Papa Marxkors died when I was nineteen—four years before I became a “runner,” four years before I ran my first marathon, and almost a decade before I wrote my first book. He never knew that I worked at a running store (“Fleet Foot,” as my grandma called it). He never got to see my blogs published. He never saw me run a race. And even though he knew me for the first twenty years of my life, he never knew me as a runner or an author at all.
As Mr. Huez told stories about “Bill” and his penchant for mischief—Papa sported a zoot suit back in the day—I suddenly wished I could tell him all of the things that had happened since he left us eleven years ago. I felt the same childish excitement—part timidity, part pride—that prompted me to start countless conversations with the eagerness of a forthcoming revelation: “Hey, Papa! Guess what?” Whether it was a victory on the tennis courts, an A+ on a high school exam, or the announcement that I had just watched Von Ryan’s Express for the first time (and bawled my eyes out, thank you very much), I couldn’t wait to disclose a piece of information that would make him smile. “Hey, Papa! Guess what?”
I think Papa would have gotten a kick out of The Lola Papers and seeing the name “Marxkors” on a book cover. And while he unquestionably would have heckled me about my knee-high compression socks (“Did you forget your knickers?” I can hear him saying), he would have been the first to scour the newspaper for published results after a local marathon. He was very proud of all of his grandchildren and would have been pleased as punch to hear what we’ve been up to since he left—becoming lawyers and business owners and artists and engineers and thespians and, yes, even compression-sock-wearing runners.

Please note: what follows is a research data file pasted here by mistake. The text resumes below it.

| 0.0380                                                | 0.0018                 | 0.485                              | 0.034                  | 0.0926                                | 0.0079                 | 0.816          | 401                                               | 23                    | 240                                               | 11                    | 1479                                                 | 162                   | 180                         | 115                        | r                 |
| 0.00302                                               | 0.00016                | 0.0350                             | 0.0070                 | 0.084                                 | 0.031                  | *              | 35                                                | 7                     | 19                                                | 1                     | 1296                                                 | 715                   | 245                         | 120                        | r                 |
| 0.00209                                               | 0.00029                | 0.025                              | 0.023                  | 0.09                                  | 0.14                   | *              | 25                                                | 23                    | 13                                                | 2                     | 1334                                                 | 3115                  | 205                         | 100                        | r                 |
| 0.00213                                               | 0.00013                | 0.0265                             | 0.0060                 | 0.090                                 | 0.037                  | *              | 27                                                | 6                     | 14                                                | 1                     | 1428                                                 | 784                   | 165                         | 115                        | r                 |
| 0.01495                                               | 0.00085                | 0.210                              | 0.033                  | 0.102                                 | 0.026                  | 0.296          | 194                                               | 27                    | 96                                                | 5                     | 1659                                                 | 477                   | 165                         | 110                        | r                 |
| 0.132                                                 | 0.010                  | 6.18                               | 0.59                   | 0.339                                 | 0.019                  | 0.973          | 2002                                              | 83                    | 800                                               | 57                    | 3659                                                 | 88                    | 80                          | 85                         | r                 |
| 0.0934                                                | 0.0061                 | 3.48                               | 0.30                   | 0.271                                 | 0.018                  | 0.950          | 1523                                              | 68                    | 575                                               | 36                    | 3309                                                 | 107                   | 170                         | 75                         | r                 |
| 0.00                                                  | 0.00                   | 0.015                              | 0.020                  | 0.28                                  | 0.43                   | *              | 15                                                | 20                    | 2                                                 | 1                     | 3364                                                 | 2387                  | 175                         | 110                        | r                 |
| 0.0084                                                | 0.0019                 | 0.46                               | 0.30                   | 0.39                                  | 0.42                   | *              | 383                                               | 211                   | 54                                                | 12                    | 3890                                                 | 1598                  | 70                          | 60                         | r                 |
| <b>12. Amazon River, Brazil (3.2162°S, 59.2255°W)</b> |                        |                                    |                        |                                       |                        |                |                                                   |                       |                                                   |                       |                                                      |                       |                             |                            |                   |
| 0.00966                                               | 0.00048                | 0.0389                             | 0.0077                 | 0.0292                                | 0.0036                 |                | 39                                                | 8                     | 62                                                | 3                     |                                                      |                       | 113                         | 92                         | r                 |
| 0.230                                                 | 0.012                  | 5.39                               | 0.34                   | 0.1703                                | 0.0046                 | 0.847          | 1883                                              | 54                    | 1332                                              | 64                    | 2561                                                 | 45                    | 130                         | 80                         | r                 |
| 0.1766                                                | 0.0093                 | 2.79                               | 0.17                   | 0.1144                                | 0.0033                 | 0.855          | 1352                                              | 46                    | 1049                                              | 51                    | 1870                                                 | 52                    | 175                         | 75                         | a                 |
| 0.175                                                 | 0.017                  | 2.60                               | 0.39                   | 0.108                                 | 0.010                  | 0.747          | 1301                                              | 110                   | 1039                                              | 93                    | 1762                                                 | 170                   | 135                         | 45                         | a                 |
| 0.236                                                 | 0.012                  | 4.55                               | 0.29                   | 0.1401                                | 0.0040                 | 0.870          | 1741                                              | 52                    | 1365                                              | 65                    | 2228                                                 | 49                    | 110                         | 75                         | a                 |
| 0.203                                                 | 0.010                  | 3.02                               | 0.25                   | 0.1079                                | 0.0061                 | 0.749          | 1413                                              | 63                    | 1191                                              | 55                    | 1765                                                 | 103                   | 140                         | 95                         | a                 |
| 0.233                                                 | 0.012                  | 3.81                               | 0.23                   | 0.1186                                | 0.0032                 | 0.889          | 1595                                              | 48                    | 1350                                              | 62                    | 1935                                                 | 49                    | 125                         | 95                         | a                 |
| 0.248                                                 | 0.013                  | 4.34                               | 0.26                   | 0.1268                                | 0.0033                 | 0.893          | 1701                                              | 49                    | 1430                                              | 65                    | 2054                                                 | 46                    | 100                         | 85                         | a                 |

I spent my childhood with all four grandparents, and until Papa Marxkors died when I was 19, it never occurred to me that they wouldn’t be there for my adult life as well. They have all since passed away, Grandma Marxkors being the last. But Papa and Grandma are back together again, happy and healthy, as they should be. And while I’m sure they have a lot to catch up on, perhaps after the initial greetings and kissing and hugging and celebrations, Grandma will tell him about all of the shenanigans his grandkids have been up to since he left us eleven years ago. Maybe, when she gets the time, she’ll give Papa the update. Because he was always proud of his grandchildren, and I think he’d get a kick out of it.
“Hey, Bill! Guess, what?”
Amy L. Marxkors is the author of The Lola Papers: Marathons, Misadventures, and How I Became a Serious Runner. Her second book, Powered By Hope: The Teri Griege Story, will be released in 2014. This post in based on an original post on www.TheLolaPapers.com.